How many times, as children, did we receive a gift either at Christmas or for a birthday and were told to ‘look after it, as it will be very valuable one day.’ Chances are that it happened quite a lot, and that we ignored said advice because we wanted to play with it. It is a toy, after all! Proving that humans have the stunning capacity to learn yet still repeat mistakes, we then do the same thing with our children. Furthermore, we become frustrated with them because that collectible doll we have just given them would have been worth a fortune in twenty years’ time.
Collectibles for Kids
This brings us neatly to the point around collectibles for children. While they come across as a thoughtful gift, although usually this is by the person buying it, there is a question mark over how practical they are.
Take a trip back in time to your own childhood. You have been waiting for the special day for weeks and your excitement is uncontrollable, you tear off the wrapping paper, and there it is! The action figure or doll that you have been asking for, and were convinced that you wouldn’t get. Then comes the killer blow: don’t tear the packet, because it will take away from the value when you come to sell it.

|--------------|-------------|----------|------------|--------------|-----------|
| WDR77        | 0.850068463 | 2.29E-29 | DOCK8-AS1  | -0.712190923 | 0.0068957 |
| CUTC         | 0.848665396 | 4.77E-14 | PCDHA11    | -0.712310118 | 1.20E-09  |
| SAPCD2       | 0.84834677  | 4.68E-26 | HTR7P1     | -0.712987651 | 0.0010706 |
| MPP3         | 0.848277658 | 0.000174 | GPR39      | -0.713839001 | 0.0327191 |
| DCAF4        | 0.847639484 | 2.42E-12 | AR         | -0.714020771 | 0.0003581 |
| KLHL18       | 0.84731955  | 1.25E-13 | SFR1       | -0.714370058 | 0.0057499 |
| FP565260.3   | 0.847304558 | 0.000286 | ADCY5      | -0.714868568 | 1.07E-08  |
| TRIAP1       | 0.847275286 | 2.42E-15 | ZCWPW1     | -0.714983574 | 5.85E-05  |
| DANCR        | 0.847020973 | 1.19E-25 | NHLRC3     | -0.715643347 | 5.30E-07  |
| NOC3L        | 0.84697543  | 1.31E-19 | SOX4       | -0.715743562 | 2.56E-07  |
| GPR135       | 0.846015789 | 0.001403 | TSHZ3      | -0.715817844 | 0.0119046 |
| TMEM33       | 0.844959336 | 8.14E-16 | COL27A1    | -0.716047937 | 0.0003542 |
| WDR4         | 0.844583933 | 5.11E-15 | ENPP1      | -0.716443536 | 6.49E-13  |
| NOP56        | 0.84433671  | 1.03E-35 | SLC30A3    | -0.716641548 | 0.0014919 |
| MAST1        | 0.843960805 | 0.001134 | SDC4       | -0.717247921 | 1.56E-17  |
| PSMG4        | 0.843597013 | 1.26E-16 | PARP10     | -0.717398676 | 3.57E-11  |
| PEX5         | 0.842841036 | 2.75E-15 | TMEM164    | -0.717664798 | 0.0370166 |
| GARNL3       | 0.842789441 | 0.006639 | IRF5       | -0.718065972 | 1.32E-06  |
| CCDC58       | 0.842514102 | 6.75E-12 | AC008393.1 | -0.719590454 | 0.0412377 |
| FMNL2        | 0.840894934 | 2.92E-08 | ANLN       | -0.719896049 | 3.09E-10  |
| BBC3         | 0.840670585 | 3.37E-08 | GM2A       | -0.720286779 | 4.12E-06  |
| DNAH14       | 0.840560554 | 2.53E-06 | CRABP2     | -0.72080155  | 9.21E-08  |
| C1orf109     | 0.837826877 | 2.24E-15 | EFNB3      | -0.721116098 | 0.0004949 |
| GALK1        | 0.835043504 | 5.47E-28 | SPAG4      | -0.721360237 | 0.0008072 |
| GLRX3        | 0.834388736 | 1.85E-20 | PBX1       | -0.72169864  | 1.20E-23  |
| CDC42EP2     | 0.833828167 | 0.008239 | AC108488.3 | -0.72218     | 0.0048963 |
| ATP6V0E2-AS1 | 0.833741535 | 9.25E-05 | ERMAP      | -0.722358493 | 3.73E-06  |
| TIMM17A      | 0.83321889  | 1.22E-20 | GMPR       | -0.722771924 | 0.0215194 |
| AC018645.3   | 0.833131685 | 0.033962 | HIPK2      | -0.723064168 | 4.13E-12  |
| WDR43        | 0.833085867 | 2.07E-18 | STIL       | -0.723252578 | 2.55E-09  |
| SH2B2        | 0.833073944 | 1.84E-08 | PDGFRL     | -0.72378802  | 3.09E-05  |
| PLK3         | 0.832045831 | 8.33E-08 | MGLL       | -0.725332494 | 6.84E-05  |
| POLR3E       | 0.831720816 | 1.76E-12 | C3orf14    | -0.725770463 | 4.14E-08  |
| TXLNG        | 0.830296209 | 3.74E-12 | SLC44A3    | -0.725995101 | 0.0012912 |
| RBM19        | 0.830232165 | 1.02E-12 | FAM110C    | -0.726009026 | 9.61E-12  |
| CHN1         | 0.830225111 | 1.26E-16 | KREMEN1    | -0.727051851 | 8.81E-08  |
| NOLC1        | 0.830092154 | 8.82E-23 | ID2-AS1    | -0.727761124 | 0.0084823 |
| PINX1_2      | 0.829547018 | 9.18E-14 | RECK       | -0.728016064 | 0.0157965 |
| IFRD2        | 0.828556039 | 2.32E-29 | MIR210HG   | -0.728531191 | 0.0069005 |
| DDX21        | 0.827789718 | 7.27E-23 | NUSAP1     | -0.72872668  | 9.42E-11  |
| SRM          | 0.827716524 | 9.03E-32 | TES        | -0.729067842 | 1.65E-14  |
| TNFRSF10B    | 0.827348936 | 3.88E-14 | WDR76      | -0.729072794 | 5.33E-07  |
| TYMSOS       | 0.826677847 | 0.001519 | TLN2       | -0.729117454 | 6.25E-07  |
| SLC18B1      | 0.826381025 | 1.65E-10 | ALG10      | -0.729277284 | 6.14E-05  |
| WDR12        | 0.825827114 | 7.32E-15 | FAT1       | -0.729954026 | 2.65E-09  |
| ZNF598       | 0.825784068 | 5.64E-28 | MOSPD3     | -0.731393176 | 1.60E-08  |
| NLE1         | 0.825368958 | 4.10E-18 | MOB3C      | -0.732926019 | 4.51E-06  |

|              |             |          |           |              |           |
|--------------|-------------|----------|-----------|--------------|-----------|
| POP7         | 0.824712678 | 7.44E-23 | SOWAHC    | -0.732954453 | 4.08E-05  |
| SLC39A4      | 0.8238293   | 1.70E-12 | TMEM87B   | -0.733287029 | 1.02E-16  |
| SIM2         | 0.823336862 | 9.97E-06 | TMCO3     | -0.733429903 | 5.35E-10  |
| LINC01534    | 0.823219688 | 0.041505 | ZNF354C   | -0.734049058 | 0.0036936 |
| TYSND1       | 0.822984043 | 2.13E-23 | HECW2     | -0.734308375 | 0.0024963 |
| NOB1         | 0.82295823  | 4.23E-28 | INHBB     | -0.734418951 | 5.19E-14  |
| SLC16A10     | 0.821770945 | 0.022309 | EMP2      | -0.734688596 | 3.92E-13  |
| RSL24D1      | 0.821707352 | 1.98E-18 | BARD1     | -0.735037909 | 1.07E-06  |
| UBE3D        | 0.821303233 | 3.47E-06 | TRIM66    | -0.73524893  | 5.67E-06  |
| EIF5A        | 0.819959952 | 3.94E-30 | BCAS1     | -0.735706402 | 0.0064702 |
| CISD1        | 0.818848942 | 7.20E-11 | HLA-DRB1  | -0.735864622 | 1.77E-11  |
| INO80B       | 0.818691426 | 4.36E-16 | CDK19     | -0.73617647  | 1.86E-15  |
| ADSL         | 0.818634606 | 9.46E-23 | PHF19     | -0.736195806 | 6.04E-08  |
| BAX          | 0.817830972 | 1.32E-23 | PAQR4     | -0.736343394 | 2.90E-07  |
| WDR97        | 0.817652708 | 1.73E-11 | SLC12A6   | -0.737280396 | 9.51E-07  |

Seriously, if people want to give children something that will be of financial benefit in years to come, they should really consider paying some money into a savings account or a trust fund. Children are rarely able to comprehend the thought of keeping something in mint condition, and that isn’t going to change. Those who really want to buy a particular collectible for a child should buy two – one to play with and the other for the parents to look after so it stays in its box.
It isn’t difficult to understand that kids see toys as toys, and that adults should treat them that way, too. Does this mean collectible type gifts are never appropriate for children?
Getting it Right
Collectibles can actually work when someone has entered their teenage years. At this stage, children have probably grown out of creating action scenes with their favourite Marvel figures, or having a tea party with their best doll.
As children mature, they will also be a lot more understanding of the value of items as well as the importance of looking after these carefully.
Are collectibles appropriate for children? Yes, as long as they have grown out of seeing everything as a toy. Younger ones should be allowed to enjoy toys for what they are, and not feel under pressure to keep it in immaculate condition.
This article was written by A Girl for All Time. A Girl for All Time provides award-winning collectible dolls, as well as novels and keepsake books targeted at girls between the ages of six and twelve.